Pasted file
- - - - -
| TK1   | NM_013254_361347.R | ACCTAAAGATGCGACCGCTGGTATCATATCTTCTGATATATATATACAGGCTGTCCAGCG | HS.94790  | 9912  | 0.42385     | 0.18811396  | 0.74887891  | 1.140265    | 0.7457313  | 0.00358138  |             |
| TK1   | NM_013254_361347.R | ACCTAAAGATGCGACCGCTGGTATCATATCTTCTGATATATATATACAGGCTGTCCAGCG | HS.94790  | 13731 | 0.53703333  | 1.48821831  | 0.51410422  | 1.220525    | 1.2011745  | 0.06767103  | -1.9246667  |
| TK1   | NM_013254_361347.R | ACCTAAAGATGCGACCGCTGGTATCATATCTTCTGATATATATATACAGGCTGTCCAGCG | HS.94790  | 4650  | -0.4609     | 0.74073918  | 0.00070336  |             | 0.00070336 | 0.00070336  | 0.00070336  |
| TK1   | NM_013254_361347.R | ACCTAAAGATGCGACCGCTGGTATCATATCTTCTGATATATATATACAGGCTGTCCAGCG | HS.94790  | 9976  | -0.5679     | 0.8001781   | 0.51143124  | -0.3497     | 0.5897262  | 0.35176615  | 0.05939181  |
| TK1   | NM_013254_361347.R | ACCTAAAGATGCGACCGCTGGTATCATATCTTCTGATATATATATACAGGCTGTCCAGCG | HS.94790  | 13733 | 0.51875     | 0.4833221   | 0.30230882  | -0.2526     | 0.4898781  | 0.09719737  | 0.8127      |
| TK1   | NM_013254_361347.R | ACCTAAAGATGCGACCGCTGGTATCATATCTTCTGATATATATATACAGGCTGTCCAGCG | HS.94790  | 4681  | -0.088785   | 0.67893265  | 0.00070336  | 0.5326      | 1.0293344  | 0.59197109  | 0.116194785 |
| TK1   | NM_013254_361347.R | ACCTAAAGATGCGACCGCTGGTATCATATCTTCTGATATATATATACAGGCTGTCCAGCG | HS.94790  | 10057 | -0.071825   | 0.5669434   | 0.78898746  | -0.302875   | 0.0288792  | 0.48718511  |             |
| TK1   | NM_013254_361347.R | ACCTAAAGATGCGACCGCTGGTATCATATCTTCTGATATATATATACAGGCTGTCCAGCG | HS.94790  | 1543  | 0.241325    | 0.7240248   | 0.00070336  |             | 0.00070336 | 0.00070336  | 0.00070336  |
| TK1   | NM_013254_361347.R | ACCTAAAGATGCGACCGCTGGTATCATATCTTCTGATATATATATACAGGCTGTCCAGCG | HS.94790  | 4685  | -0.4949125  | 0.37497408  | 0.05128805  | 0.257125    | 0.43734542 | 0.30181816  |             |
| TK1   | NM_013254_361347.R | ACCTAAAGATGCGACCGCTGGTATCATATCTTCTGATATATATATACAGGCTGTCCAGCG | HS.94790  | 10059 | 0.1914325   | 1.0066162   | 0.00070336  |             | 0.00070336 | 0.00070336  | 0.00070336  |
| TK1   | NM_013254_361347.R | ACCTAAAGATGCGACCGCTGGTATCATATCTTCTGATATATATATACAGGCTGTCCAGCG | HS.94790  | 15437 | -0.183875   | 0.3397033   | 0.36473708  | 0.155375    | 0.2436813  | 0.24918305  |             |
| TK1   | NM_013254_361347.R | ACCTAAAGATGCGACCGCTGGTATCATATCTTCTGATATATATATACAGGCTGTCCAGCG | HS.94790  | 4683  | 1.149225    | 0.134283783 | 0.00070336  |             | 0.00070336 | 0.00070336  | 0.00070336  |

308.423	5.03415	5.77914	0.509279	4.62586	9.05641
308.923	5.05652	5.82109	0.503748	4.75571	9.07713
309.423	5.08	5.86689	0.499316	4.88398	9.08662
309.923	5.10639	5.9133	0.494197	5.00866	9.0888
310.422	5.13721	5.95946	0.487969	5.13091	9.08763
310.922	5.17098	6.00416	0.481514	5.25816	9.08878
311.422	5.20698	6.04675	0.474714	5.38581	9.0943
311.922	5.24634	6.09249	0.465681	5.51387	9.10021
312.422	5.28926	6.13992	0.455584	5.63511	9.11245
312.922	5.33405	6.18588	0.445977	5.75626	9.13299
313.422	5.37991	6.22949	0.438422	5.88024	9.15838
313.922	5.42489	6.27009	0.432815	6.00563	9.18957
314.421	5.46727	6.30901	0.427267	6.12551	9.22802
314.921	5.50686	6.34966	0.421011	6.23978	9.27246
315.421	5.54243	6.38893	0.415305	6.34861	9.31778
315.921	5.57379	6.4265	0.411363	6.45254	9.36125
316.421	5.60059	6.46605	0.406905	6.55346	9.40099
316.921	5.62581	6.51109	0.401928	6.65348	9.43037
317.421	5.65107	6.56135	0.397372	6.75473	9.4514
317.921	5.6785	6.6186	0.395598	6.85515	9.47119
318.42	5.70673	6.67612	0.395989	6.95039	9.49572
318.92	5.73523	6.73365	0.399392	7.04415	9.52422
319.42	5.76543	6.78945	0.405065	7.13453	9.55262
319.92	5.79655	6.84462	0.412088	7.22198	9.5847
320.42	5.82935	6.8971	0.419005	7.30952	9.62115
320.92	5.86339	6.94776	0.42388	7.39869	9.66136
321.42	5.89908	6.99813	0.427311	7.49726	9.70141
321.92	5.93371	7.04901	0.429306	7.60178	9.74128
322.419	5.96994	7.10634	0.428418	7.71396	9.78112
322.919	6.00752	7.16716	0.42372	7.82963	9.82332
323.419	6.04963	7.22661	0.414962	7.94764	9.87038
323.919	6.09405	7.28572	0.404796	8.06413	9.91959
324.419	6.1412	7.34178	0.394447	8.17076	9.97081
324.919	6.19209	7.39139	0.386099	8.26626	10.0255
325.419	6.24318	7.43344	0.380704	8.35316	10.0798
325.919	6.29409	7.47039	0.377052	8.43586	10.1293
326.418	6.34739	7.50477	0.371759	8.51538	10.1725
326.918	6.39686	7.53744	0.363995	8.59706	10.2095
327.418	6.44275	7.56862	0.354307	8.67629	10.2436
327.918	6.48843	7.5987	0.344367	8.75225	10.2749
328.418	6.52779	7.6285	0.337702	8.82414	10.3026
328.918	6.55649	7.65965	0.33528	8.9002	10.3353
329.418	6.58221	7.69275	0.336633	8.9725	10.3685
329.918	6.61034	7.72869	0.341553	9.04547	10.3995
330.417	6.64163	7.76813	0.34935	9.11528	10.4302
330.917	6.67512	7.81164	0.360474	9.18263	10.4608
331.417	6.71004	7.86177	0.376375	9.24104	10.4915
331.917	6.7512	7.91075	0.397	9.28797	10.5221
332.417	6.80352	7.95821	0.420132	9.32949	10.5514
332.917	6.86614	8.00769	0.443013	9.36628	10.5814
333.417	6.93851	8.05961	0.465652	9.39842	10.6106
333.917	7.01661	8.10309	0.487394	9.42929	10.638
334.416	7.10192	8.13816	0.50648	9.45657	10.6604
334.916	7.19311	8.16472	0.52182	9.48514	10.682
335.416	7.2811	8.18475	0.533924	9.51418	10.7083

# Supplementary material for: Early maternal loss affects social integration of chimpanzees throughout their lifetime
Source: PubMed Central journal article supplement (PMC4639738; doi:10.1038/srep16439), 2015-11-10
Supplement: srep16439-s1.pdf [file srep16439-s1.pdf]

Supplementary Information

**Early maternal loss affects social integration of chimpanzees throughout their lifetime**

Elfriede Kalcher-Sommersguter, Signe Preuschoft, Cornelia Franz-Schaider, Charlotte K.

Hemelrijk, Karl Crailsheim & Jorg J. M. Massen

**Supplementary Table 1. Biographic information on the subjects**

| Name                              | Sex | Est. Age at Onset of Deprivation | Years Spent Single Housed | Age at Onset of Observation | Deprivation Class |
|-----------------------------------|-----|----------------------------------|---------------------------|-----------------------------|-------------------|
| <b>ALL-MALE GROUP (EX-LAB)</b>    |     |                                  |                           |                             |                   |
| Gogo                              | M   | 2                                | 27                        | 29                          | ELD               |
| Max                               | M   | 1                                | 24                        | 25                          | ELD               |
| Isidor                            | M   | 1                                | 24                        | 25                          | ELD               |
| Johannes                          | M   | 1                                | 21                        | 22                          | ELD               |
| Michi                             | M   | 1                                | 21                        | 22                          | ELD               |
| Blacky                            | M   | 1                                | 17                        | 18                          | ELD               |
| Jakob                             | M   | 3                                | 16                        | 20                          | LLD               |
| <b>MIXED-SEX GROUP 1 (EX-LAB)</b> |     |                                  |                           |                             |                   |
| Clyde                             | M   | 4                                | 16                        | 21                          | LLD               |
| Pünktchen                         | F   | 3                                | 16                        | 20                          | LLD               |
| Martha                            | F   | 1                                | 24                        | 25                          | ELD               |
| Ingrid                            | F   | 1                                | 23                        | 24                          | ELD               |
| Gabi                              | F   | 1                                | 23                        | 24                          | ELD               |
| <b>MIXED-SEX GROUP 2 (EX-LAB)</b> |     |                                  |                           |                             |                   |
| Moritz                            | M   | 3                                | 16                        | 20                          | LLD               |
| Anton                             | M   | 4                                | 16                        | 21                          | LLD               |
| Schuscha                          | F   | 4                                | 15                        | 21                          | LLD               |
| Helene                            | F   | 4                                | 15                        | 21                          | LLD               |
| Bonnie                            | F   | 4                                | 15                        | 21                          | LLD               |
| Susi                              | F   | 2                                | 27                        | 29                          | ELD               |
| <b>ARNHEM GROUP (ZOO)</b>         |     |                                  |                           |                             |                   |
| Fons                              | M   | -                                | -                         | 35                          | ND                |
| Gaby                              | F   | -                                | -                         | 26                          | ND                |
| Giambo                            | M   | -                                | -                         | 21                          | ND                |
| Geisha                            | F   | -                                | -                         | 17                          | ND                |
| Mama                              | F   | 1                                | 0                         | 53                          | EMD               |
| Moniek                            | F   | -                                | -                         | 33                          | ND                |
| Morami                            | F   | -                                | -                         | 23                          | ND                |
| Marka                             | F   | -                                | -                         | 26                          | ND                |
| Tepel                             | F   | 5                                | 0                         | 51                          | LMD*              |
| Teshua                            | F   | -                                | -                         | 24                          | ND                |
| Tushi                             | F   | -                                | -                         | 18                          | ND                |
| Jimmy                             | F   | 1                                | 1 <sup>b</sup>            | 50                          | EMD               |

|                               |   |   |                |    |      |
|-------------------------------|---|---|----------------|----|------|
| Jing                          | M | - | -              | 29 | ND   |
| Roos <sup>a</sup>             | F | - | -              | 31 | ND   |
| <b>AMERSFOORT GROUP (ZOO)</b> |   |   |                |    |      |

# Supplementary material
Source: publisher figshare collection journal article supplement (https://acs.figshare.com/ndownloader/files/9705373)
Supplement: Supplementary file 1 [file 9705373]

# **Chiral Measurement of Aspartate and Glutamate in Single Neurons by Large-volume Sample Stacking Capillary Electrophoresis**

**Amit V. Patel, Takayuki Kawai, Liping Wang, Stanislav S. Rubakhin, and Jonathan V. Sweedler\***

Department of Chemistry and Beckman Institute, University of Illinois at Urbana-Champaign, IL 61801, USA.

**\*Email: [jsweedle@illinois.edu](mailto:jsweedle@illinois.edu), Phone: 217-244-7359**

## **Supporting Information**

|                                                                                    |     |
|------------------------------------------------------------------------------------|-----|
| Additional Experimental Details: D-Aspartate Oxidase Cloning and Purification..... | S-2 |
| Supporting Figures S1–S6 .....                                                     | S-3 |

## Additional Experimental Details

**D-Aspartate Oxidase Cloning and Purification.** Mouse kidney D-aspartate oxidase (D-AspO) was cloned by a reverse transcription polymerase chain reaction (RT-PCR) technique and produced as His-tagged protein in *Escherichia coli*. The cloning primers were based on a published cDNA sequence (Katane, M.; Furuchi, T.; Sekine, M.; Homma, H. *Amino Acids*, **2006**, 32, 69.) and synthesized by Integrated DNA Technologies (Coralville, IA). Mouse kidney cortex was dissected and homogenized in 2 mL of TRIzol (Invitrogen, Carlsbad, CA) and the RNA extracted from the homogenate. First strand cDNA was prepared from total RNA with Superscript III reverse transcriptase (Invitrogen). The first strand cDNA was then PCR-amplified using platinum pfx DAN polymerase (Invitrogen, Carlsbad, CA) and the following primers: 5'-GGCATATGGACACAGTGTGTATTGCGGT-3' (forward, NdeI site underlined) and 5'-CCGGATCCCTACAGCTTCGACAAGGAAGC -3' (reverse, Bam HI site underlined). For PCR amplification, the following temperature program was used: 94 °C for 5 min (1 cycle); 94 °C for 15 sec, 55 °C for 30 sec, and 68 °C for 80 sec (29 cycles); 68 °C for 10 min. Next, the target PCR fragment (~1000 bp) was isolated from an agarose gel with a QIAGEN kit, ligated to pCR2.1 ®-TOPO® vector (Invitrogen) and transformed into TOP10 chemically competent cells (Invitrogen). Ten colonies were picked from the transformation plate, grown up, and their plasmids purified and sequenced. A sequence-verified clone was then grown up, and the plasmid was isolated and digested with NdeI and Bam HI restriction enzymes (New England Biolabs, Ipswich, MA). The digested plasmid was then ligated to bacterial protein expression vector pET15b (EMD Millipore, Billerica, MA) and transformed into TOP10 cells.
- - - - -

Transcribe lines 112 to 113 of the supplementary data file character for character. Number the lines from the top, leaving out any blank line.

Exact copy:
|                               |   |   |                |    |      |
|-------------------------------|---|---|----------------|----|------|